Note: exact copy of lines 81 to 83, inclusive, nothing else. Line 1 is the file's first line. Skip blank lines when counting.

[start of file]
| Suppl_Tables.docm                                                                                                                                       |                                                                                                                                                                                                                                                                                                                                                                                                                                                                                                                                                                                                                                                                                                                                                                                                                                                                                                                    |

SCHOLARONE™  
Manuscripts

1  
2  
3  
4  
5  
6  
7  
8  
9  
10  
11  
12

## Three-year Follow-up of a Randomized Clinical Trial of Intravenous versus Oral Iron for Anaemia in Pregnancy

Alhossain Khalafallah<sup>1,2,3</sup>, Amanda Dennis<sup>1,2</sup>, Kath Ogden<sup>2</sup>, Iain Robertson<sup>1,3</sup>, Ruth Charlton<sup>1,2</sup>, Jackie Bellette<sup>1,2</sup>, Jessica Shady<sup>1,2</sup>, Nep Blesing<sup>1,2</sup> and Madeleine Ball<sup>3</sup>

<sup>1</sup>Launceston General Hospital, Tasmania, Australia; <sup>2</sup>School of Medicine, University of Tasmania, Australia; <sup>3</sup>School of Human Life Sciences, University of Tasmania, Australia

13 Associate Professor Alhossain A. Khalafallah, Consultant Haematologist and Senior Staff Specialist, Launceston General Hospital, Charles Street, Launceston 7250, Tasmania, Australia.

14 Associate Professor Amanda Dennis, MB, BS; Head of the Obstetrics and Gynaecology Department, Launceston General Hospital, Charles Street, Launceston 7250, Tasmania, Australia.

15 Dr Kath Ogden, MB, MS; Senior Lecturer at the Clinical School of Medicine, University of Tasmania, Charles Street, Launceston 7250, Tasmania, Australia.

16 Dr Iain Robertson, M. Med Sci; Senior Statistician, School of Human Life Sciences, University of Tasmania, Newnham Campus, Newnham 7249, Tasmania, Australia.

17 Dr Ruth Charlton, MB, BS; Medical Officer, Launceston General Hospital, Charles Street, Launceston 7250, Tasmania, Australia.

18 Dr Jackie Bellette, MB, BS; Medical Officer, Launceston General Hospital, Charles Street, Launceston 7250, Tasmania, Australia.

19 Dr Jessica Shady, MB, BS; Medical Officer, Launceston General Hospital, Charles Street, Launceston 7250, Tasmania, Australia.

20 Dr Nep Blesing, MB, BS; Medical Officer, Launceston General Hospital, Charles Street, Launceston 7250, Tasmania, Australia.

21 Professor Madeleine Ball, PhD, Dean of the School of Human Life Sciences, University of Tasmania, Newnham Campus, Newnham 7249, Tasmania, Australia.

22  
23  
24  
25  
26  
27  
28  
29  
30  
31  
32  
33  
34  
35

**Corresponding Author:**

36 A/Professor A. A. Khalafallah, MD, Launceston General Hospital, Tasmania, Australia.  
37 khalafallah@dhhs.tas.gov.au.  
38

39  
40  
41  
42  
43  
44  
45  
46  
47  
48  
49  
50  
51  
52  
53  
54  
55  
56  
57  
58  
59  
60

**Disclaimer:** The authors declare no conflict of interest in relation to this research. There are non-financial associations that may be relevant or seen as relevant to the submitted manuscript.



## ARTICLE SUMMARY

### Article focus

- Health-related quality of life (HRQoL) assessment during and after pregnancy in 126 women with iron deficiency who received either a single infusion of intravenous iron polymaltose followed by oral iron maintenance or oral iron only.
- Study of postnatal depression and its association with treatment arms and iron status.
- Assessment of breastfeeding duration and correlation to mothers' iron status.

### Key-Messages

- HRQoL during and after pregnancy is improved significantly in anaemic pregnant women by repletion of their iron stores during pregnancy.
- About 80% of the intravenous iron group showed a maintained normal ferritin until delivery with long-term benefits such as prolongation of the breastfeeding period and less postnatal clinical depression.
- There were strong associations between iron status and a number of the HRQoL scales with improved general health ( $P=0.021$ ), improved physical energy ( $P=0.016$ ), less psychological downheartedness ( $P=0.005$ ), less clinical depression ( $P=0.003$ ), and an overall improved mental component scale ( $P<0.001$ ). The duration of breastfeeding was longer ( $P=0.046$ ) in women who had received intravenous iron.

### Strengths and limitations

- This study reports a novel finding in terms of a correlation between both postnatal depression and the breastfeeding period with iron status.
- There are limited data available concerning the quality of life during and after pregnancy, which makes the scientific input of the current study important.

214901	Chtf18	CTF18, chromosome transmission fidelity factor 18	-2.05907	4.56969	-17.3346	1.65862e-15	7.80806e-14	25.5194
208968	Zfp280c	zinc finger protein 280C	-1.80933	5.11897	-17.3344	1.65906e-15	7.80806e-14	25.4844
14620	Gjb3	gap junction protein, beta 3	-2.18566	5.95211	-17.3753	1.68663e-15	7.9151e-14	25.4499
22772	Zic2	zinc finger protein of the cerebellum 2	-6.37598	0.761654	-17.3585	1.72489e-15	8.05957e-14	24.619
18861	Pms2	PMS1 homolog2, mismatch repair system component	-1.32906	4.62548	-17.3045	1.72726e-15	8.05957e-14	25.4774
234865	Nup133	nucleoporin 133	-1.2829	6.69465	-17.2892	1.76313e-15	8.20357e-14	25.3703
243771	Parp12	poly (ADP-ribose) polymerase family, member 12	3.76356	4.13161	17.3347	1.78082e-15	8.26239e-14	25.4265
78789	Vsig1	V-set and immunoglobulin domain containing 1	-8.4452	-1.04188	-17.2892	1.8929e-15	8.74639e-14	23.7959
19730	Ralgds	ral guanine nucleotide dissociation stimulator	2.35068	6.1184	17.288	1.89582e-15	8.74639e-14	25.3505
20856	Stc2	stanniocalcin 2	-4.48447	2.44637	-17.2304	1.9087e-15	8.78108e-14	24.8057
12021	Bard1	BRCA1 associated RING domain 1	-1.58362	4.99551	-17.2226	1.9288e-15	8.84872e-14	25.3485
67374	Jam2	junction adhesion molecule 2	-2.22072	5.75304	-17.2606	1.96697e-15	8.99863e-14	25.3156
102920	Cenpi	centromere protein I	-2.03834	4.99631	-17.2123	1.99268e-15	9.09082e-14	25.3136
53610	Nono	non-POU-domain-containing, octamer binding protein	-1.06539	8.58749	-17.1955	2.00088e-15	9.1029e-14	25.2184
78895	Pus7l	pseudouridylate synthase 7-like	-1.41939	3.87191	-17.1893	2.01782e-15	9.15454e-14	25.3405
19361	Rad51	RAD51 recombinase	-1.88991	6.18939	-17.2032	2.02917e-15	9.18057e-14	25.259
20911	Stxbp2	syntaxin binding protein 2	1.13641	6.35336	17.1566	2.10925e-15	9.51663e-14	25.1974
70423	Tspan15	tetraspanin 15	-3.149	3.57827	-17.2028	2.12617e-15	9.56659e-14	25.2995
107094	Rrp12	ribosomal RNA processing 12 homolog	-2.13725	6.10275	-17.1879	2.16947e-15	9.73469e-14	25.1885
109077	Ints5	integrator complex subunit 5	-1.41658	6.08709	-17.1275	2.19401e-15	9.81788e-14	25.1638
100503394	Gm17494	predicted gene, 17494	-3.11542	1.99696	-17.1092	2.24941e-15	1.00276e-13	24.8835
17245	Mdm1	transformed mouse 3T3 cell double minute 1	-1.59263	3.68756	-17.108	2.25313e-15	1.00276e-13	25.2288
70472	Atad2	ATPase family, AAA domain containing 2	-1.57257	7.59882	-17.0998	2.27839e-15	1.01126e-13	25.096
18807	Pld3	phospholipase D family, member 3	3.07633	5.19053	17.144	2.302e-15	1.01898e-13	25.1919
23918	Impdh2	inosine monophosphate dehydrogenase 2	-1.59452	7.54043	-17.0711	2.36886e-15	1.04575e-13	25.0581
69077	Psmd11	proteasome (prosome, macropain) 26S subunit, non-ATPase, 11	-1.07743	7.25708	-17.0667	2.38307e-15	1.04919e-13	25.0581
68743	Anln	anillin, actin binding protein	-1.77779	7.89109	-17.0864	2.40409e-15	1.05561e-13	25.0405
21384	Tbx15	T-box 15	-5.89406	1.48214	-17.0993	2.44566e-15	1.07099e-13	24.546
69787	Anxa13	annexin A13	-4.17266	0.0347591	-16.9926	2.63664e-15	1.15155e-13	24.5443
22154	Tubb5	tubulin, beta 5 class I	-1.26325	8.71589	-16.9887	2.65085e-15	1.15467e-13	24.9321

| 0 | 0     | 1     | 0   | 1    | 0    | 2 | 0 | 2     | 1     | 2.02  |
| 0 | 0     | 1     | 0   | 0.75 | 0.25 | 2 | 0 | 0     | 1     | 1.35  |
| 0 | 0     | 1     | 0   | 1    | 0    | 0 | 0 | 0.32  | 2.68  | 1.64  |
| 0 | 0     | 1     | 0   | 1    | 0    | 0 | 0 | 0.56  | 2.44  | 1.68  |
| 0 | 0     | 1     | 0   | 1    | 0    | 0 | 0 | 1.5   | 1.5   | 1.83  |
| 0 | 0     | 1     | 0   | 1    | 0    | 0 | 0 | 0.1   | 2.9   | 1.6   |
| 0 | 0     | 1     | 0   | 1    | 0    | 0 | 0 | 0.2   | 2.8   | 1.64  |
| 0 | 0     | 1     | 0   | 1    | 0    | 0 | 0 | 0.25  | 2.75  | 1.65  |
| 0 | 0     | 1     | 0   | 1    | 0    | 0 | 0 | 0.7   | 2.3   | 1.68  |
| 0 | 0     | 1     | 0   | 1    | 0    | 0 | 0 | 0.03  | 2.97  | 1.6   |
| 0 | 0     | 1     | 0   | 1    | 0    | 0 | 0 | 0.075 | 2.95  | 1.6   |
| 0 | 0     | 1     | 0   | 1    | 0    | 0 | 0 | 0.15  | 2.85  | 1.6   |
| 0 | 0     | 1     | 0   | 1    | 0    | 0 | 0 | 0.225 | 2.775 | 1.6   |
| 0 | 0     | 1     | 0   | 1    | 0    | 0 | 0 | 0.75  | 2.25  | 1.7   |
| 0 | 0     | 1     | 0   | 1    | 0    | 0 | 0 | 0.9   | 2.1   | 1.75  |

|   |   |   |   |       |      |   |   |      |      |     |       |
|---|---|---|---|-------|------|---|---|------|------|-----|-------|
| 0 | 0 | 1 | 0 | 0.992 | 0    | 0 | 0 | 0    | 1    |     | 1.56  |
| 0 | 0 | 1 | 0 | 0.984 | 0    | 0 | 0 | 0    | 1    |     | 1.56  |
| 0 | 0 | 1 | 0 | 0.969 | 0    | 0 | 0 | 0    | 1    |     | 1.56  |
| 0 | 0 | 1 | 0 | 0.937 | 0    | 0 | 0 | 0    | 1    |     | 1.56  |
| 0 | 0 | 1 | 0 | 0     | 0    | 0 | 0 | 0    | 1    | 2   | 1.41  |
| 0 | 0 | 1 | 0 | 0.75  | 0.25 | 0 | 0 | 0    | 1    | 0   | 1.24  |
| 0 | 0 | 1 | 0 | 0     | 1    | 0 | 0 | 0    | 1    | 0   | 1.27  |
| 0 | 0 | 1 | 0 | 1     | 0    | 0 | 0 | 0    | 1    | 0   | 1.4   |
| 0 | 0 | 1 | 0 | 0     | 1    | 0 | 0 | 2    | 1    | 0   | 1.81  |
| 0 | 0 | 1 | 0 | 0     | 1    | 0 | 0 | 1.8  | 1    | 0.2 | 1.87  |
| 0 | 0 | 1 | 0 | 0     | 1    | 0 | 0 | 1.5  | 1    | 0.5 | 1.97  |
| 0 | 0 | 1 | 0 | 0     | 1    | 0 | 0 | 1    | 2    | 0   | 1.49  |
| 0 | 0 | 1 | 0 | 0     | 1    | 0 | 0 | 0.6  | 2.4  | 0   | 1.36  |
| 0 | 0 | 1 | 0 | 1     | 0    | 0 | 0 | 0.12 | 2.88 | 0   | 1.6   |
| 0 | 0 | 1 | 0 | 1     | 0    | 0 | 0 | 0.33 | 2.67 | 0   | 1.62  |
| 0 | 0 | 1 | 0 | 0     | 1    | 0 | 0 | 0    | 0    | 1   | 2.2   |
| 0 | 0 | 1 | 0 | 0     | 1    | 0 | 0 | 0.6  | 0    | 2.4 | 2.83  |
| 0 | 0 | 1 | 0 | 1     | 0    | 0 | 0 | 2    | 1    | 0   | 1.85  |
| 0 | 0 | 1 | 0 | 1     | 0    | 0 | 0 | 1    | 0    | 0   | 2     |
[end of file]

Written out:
214901	Chtf18	CTF18, chromosome transmission fidelity factor 18	-2.05907	4.56969	-17.3346	1.65862e-15	7.80806e-14	25.5194
208968	Zfp280c	zinc finger protein 280C	-1.80933	5.11897	-17.3344	1.65906e-15	7.80806e-14	25.4844
14620	Gjb3	gap junction protein, beta 3	-2.18566	5.95211	-17.3753	1.68663e-15	7.9151e-14	25.4499